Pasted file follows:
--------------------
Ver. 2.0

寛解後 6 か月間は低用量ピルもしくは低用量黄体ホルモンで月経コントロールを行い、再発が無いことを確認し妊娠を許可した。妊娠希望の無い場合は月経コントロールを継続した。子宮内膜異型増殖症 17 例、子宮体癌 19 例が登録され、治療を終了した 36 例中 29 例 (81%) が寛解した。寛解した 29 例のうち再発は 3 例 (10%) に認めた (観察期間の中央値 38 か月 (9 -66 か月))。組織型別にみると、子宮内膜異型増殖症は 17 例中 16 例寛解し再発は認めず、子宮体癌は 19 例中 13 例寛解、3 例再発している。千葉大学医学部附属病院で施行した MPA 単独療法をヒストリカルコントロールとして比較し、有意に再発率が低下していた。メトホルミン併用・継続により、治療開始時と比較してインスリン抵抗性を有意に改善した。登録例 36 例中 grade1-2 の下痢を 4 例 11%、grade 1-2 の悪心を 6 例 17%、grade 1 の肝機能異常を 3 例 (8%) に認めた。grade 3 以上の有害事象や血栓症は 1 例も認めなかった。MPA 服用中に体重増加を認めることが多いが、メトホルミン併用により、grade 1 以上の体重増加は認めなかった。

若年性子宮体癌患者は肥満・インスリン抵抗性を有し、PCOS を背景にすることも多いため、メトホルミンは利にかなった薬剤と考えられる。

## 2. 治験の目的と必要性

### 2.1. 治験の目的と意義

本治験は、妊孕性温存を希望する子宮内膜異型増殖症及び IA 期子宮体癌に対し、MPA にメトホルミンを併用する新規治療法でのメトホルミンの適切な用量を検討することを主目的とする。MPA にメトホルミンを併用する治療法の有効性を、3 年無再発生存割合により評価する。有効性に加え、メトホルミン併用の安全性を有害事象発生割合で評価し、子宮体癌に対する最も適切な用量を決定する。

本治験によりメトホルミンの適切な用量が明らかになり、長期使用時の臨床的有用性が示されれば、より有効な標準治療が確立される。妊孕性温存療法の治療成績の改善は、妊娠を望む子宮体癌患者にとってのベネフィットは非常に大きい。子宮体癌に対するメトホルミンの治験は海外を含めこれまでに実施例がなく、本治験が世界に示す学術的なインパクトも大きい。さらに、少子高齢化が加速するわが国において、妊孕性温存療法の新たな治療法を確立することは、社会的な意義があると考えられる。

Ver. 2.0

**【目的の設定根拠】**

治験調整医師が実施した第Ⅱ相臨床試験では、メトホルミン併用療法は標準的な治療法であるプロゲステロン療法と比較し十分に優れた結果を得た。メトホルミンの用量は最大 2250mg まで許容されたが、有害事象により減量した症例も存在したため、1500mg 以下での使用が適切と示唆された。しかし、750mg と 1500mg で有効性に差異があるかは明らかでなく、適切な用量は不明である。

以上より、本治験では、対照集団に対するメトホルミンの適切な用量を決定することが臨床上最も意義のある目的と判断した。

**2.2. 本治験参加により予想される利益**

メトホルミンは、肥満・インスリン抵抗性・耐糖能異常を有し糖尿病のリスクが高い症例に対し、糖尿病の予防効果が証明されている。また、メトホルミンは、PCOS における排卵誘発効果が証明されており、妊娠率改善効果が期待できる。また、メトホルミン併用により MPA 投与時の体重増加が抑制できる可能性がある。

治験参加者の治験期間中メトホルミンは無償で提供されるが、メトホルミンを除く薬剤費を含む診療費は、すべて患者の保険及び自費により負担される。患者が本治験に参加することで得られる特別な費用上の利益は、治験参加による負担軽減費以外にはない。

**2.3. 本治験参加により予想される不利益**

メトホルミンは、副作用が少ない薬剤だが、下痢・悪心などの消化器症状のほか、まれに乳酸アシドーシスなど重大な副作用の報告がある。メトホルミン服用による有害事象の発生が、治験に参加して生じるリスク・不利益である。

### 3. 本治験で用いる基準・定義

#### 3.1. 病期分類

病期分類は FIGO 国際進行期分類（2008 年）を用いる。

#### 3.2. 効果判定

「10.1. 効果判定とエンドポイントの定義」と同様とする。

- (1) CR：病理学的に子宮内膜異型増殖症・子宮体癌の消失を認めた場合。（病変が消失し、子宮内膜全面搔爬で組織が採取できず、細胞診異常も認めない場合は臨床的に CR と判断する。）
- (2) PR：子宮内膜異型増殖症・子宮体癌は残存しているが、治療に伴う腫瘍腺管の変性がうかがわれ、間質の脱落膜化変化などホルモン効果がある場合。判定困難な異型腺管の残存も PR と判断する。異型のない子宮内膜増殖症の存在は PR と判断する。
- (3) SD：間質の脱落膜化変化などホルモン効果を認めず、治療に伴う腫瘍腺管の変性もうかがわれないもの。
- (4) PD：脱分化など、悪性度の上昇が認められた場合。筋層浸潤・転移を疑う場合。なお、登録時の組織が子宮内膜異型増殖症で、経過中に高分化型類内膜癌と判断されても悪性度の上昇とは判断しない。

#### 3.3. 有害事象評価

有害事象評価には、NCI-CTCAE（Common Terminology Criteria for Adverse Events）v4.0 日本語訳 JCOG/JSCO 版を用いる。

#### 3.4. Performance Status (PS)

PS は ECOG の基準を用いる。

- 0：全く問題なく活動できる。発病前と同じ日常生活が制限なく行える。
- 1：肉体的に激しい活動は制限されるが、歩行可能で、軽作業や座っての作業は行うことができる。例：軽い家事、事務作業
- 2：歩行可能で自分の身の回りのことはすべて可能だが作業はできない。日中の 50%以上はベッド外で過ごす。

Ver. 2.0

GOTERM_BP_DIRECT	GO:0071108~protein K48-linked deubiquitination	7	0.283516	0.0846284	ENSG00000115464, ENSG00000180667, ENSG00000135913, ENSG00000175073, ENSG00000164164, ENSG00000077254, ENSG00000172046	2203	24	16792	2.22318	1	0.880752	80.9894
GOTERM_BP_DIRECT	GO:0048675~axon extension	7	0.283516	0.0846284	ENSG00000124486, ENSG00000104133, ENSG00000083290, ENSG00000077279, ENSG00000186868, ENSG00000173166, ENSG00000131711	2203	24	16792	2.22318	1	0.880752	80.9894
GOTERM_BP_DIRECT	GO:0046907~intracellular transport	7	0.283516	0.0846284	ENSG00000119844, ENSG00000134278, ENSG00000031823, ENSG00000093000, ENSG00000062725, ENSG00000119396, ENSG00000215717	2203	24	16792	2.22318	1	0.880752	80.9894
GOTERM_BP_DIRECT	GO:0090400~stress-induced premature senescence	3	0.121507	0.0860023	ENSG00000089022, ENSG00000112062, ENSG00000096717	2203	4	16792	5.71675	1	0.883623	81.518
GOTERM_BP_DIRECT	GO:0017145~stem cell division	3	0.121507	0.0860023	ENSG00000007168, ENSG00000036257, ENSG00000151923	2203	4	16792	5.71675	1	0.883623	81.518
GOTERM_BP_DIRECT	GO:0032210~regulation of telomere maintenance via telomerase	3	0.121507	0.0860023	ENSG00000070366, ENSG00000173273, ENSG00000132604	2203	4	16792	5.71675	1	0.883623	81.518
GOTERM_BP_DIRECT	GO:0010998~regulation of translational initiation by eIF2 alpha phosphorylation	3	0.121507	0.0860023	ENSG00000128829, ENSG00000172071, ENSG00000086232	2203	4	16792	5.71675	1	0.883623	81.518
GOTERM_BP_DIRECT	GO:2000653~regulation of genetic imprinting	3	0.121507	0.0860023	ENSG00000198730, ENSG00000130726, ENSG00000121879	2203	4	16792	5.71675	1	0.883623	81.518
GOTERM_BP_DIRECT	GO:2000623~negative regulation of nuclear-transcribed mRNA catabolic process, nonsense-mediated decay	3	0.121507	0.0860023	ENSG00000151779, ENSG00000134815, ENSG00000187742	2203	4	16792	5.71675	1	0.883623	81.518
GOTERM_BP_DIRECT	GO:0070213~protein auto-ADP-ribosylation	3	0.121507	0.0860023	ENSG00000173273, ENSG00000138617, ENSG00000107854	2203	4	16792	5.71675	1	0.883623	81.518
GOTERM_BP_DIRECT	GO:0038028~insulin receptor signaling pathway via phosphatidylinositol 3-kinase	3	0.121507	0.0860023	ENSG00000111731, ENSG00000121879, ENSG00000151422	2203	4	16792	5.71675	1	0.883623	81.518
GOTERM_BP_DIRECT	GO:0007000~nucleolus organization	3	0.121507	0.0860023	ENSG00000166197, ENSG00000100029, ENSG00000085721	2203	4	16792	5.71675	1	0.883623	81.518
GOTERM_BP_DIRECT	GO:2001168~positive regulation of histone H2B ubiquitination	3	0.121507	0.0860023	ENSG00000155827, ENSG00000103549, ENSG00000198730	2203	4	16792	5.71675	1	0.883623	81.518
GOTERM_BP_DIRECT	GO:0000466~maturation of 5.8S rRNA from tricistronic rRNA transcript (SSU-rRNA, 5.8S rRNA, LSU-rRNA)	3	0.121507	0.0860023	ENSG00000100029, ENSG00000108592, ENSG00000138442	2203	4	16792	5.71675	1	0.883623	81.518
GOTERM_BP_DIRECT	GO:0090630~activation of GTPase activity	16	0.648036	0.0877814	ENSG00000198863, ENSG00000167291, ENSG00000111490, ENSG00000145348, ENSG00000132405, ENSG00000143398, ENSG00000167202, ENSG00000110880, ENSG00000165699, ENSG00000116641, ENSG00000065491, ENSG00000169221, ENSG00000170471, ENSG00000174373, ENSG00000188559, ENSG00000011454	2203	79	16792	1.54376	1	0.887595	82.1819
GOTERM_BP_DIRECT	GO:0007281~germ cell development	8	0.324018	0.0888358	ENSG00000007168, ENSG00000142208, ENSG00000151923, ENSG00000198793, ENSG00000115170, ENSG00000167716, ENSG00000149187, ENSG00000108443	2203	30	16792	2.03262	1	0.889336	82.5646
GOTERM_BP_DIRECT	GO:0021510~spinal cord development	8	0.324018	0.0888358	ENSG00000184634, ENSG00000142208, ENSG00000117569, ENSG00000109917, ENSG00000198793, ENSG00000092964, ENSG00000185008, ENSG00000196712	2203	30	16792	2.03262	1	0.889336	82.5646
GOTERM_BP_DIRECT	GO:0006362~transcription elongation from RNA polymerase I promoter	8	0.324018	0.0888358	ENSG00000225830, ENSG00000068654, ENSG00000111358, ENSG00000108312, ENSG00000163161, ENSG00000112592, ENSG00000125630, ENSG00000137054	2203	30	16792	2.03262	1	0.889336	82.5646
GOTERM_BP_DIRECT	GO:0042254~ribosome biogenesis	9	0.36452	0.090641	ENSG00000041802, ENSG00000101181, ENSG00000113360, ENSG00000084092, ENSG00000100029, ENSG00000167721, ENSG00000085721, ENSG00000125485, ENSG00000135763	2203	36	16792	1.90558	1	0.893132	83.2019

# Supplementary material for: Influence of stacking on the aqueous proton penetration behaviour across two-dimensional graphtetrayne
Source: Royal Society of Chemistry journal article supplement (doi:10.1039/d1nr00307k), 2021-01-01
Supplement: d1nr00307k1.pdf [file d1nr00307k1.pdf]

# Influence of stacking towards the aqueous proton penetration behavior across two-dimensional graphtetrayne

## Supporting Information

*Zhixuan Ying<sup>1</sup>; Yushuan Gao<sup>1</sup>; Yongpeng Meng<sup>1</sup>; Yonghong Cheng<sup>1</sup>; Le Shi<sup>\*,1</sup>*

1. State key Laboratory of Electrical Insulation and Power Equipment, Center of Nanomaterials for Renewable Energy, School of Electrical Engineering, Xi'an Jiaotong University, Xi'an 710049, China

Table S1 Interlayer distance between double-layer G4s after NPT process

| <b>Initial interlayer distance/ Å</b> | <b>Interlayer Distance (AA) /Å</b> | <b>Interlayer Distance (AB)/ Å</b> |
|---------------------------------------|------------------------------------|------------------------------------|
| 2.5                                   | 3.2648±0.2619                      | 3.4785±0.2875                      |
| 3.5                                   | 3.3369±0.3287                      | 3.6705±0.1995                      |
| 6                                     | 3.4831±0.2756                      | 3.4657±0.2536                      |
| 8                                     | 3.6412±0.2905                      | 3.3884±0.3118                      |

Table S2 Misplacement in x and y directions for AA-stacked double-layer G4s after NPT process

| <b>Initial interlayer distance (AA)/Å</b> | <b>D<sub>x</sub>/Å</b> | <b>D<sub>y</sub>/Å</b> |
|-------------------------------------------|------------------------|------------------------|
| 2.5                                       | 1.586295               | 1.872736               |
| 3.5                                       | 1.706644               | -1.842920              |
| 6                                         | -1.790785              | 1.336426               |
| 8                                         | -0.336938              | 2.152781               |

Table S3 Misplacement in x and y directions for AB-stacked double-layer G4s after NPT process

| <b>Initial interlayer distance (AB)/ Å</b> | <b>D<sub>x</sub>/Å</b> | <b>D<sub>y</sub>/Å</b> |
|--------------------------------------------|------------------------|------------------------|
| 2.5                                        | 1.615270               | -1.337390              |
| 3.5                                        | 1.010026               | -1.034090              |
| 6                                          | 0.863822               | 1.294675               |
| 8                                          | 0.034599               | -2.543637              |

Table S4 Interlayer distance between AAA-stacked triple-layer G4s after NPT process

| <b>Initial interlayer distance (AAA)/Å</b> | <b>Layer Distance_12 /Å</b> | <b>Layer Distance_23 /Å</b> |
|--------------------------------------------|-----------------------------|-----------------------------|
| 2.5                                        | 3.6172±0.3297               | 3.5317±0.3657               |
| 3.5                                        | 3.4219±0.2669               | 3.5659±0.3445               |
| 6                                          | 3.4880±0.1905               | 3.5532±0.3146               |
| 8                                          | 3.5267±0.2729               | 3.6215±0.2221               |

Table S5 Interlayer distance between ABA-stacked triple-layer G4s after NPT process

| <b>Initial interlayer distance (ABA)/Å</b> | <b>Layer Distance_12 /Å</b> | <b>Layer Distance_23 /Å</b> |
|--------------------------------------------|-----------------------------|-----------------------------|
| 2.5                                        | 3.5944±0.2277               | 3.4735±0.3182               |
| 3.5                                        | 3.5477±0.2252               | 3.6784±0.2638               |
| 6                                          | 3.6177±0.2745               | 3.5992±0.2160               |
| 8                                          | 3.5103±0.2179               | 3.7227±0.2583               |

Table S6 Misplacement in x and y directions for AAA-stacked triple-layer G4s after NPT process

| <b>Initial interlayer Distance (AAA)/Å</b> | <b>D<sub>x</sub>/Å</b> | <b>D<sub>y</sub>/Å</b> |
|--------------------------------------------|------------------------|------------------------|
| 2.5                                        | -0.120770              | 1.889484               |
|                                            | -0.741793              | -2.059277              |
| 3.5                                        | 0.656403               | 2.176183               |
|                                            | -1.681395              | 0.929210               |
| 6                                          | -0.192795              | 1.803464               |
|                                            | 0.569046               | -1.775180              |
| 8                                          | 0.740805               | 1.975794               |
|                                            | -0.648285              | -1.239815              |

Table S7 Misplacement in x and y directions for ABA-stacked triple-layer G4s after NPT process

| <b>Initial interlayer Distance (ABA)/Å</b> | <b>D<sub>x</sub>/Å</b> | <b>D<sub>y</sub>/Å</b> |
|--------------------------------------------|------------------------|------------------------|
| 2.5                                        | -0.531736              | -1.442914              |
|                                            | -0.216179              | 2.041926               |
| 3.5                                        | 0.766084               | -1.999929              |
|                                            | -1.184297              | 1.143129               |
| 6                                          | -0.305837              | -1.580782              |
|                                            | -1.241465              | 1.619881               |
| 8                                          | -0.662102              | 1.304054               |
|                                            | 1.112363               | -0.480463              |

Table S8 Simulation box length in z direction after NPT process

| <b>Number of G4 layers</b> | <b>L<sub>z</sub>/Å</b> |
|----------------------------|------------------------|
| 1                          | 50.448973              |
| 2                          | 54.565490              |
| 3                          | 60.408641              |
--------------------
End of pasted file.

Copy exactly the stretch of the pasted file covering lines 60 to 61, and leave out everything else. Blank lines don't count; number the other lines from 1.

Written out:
Table S1 Interlayer distance between double-layer G4s after NPT process

| <b>Initial interlayer distance/ Å</b> | <b>Interlayer Distance (AA) /Å</b> | <b>Interlayer Distance (AB)/ Å</b> |